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Converting a Simple Deep Learning Model from PyTorch to TensorFlow



TensorFlow and PyTorch are two of the more popular frameworks out there for deep learning. There are people who prefer TensorFlow for support in terms of deployment, and there are those who prefer PyTorch because of the flexibility in model building and training without the difficulties faced in using TensorFlow. The downside of using PyTorch is that the model built and trained using this framework cannot be deployed into production. (Update in Dec 2019: It is claimed that later versions of PyTorch have better support for deployment, but I believe that is something else to be explored). To address the issue of deploying models built using PyTorch, one solution is to use ONNX (Open Neural Network Exchange).

As explained in ONNX’s About page, ONNX is like a bridge that links the various deep learning frameworks together. To this end, the ONNX tool enables conversion of models from one framework to another. Up to the time of this writing, ONNX is limited to simpler model structures, but there may be further additions later on. This article will illustrate how a simple deep learning model can be converted from PyTorch to TensorFlow.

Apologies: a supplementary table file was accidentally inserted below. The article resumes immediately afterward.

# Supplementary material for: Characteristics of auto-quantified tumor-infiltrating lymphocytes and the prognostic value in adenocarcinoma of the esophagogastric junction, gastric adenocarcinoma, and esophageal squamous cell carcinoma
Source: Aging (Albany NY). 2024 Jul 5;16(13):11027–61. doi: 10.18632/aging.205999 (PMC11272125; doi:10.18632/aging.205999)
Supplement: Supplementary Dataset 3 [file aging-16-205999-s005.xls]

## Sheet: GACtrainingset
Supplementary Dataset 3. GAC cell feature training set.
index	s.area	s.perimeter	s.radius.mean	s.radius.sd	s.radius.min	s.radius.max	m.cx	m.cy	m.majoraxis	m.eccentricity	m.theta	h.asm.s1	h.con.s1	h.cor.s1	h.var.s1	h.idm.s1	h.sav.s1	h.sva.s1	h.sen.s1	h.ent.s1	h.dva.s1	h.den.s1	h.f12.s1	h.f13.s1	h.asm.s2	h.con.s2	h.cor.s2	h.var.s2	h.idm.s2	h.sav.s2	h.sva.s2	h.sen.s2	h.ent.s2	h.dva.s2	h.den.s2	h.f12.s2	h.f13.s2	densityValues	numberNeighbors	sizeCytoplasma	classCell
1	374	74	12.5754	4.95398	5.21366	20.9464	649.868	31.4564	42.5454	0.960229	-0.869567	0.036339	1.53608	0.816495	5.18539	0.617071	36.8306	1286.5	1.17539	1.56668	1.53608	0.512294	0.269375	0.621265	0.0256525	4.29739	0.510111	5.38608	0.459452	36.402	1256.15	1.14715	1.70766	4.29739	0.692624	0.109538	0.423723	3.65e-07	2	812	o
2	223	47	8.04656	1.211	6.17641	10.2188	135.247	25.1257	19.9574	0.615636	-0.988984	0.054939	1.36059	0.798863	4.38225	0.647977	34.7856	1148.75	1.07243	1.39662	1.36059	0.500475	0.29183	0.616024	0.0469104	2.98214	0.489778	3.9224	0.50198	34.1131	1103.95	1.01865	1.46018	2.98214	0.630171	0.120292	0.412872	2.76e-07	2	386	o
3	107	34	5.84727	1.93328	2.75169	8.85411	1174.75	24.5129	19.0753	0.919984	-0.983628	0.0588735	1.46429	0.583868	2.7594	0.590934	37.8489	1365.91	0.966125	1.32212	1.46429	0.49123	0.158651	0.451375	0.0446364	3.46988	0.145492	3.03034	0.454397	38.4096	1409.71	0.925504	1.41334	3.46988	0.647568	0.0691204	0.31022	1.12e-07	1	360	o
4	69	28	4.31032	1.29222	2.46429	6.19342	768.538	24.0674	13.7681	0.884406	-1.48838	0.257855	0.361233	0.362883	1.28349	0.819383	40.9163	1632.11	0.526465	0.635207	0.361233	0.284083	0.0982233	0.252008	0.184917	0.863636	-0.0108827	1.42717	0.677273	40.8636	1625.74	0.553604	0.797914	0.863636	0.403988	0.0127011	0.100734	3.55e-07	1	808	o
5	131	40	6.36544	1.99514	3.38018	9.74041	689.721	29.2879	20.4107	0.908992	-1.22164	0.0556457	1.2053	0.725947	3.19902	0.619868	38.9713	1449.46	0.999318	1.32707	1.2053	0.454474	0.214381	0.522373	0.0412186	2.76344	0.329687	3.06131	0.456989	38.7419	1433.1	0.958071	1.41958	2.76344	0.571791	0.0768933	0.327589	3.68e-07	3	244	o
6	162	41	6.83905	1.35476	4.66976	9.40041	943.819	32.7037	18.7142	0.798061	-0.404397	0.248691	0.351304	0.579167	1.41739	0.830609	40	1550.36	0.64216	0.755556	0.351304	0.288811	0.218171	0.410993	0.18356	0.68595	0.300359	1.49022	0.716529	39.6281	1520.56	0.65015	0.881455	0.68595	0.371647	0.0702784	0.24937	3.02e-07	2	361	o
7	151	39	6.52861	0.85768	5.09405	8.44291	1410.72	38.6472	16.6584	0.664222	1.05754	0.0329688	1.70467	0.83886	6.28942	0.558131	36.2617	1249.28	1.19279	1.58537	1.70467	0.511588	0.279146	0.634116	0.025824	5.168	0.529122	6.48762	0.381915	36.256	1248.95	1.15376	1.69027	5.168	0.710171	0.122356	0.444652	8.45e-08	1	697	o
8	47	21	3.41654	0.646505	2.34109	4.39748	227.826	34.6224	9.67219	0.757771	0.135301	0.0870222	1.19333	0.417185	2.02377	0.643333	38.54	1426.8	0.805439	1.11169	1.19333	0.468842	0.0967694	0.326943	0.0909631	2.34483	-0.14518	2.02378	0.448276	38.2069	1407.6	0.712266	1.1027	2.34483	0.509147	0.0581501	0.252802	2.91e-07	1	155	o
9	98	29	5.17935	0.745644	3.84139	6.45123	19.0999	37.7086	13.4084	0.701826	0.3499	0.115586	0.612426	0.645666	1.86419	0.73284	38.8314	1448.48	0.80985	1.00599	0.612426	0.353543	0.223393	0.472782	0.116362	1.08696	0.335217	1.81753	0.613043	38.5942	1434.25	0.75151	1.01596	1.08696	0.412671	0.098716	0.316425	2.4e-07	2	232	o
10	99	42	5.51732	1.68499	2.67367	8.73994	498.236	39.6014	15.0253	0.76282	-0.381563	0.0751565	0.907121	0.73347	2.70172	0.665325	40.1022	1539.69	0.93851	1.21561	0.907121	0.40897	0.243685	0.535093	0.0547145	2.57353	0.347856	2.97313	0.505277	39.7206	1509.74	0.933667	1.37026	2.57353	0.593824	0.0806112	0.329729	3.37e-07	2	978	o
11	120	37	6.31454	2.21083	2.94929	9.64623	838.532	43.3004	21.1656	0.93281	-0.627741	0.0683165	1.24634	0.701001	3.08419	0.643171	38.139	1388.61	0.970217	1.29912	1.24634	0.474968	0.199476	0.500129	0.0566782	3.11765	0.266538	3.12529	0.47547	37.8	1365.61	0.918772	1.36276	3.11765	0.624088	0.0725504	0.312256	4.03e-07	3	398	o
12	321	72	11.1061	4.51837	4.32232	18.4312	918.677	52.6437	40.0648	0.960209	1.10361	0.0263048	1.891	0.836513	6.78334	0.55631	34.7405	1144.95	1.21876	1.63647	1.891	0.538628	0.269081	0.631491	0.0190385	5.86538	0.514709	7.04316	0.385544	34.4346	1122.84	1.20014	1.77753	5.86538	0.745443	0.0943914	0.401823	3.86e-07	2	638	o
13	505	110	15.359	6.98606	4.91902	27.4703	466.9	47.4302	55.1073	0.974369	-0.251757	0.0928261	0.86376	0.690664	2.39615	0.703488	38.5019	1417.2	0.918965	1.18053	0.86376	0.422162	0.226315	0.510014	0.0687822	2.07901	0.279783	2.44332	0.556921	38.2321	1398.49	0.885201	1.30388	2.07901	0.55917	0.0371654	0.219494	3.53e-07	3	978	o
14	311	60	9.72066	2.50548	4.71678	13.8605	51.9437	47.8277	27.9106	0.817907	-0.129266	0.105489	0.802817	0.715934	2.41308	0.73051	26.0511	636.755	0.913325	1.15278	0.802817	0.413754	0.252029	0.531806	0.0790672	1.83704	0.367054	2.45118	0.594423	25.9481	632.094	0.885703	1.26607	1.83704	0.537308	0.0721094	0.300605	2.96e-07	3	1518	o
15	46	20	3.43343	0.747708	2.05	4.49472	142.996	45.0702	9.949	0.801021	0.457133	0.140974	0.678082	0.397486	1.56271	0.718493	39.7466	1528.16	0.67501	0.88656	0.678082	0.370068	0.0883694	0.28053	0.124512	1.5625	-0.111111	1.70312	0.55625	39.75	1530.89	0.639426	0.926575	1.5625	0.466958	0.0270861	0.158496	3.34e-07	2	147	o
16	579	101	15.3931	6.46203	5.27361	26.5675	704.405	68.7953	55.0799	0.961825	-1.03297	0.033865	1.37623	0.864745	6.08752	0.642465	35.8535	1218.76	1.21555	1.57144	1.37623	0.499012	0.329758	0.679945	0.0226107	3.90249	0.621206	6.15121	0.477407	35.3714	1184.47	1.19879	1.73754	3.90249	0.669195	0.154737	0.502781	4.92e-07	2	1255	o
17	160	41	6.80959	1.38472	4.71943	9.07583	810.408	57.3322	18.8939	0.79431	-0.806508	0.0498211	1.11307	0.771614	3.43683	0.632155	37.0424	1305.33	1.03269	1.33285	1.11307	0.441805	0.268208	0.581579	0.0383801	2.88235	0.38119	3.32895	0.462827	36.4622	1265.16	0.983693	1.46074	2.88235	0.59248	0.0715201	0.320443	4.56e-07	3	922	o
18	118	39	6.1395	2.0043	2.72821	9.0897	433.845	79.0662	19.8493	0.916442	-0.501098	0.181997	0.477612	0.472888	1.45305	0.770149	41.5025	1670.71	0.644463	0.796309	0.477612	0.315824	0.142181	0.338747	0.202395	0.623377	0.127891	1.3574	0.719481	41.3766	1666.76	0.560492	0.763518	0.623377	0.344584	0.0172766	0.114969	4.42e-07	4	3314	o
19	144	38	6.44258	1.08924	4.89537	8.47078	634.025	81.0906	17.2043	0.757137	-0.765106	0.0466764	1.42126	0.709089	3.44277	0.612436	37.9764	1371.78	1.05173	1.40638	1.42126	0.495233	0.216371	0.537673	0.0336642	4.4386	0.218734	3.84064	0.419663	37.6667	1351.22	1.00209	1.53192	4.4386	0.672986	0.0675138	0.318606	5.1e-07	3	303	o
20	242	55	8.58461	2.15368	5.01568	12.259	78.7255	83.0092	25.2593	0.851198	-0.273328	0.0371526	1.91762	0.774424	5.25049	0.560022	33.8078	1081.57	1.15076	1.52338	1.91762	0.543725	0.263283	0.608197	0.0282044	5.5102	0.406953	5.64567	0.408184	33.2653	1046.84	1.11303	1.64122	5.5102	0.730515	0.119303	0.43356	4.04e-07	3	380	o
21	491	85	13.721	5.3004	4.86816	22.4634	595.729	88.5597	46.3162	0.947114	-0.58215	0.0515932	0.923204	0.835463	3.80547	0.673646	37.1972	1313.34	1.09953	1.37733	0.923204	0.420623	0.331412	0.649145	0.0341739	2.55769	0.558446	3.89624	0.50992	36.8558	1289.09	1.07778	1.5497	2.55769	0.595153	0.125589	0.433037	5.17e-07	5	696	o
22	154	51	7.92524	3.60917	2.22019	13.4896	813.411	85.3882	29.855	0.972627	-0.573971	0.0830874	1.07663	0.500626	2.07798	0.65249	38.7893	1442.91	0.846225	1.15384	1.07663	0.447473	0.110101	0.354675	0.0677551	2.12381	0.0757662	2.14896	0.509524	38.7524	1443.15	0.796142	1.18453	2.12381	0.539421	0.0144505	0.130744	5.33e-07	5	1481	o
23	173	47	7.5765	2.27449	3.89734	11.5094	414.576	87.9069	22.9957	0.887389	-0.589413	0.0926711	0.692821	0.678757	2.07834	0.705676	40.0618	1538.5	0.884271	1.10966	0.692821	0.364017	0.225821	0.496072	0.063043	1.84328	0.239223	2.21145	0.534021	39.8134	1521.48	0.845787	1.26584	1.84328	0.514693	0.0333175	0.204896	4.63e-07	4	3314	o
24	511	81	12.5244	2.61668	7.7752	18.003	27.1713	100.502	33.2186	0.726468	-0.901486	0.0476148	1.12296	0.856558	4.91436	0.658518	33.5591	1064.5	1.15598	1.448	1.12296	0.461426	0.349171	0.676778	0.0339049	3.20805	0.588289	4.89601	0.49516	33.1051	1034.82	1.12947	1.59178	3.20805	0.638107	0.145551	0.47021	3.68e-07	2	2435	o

Installing the necessary packages

To start off, we would need to install PyTorch, TensorFlow, ONNX, and ONNX-TF (the package to convert ONNX models to TensorFlow). If using virtualenv in Linux, you could run the command below (replace tensorflow with tensorflow-gpu if you have NVidia CUDA installed). Do note that as of Dec 2019, ONNX does not work with TensorFlow 2.0 yet, so please take note of the version of the TensorFlow that you install.

source <your virtual environment>/bin/activate
pip install tensorflow==1.15.0

# For PyTorch, choose one of the following (refer to for further details)
pip install torch torchvision # if using CUDA 10.1
pip install torch==1.3.1+cu92 torchvision==0.4.2+cu92 -f # if using CUDA 9.2
pip install torch==1.3.1+cpu torchvision==0.4.2+cpu -f # if using CPU only

pip install onnx

# For onnx-tensorflow, you may want to refer to the installation guide here:
git clone
cd onnx-tensorflow
pip install -e ..

If using Conda, you may want to run the following commands instead:

conda activate <your virtual environment>
conda install -c pytorch pytorch

pip install tensorflow==1.15.0

pip install onnx

# For onnx-tensorflow, you may want to refer to the installation guide here:
git clone
cd onnx-tensorflow
pip install -e ..

I find that installing TensorFlow, ONNX, and ONNX-TF using pip will ensure that the packages are compatible with one another. It is OK, however, to use other ways of installing the packages, as long as they work properly in your machine.